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Mongoose Traveller: The Third Imperium - Crowded Hours

This article originally appeared in the March 2011 issue of the downloadable magazine.

Mongoose Traveller: The Third Imperium - Crowded Hours. Martin J. Dougherty
Avenger Enterprises/Mongoose Publishing http://www.mongoosepublishing.com
240pp, hardcover
US$39.99/UKú29.99

This volume is a compilation and re-release of adventures originally released as individual PDFs by Avenger Enterprise through Comstar Games.

On the Shelf

As with other titles for the Third Imperium setting, Crowded Hours places an art panel between the Third Imperium title and book title above, and the Traveller logo below, both on the standard Traveller black background. This volume’s art panel is primarily lurid reds and oranges, showing what might be a merchant ship plunging toward the surface of a star.

Initial Impressions

The four adventures each have a great deal of background information, and are organized to present the background information before the actual adventure material. The adventures themselves are broken up sequentially into scenes, each with plenty of information for the referee. Several of the adventures have appendicial information, such as vehicle plans or character profiles. Artwork is minimal, and limited in quality, though useful.

On Closer Inspection

The author, Martin J. Dougherty, is well-known in the Traveller community for high-quality writing; in addition to these adventures, he is also the author of Mongoose's two previous Third Imperium sector books (Reft Sector and Spinward Marches), Sector Fleet, and Project Steel; he is also the author of Starfarer’s Gazette from Terra/Sol Games, and has indicated that it is not impossible that there will be more Terra/Sol Traveller products over his byline. The adventures in Crowded Hours fully support his reputation for quality writing.

The division into background and adventure material also generally serves as a division into player-character information and referee information; anything from the adventure itself that the player-characters need to know will be fed to them in the course of the adventure by the referee. The ends of the scenes generally mark natural breakpoints, at which the immediate focus of the adventure-in-process changes, and thus for the most part represent good places where the time-limited gaming group can say “Gee, it’s getting late; let’s stop here and pick up next session.”.

In spite of Avenger’s oft-repeated “unofficial” motto, “Roll dice. Blow stuff up.”, there does appear to be plenty of latitude for variation in play style - it’s perfectly possible to achieve most of the goals in these adventures without violence. There is, however, plenty of opportunity to, well, roll dice and blow stuff up, as well, if that’s your preferred style.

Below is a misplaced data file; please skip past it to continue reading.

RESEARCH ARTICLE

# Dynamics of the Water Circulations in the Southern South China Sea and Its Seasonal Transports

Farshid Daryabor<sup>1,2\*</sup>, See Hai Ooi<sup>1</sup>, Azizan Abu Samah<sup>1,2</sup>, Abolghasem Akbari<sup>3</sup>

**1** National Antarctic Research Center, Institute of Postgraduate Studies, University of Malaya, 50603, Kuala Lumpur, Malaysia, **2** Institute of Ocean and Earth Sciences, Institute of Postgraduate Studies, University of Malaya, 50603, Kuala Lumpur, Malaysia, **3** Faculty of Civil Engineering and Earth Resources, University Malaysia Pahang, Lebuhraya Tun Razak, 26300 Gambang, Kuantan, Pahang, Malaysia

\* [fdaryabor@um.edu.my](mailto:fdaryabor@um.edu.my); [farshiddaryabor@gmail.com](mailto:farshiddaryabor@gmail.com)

Crowded Hours is not without its flaws, however, and these must be laid at the feet of Mongoose’s production staff, rather than at Martin’s, Avenger’s, or Comstar’s. Some of the editing was poorly done—for example, in the first adventure, “Type S”, some of the brief world profiles show the allegiance as “sWORD wORLDS”, a very visible and easily-correctable error. More problematical is the poor quality of some of the artwork—as all of the artwork is clearly meant to be useful, and not just filler, low-resolution scans stretched until they’re grainy or visibly pixellated just won’t do; that there is formerly-informative (but now just unreadable) text in some of those pictures further emphasizes the poor handling of what could have been useful illustrations (the airship plans in “The Windermann Incident” are the most egregious example). This isn’t to say that all of the artwork in the volume is of such poor quality; some of the images were clearly done new (or redone new), and are crisp and readable.

The relative lack of artwork means that someone thumbing through this volume on the shelf will see plenty of dense, grey text, with little to break it up. This makes it physically uninspiring, though taking the time to actually read some of it will reveal that it’s information-dense, not just words-dense. Nevertheless, some additional art to break up the expanses of text would not have been a bad idea, and there are certainly several scenes whose descriptions could have served as inspiration.

Conclusion

Every referee should have some pregenerated adventures on hand for those times when you need something, quickly. These adventures are good choices, well worth the price—don’t let the production flaws drive you away from what is otherwise a top-quality product; you would be hard-pressed to find other adventures as good as these.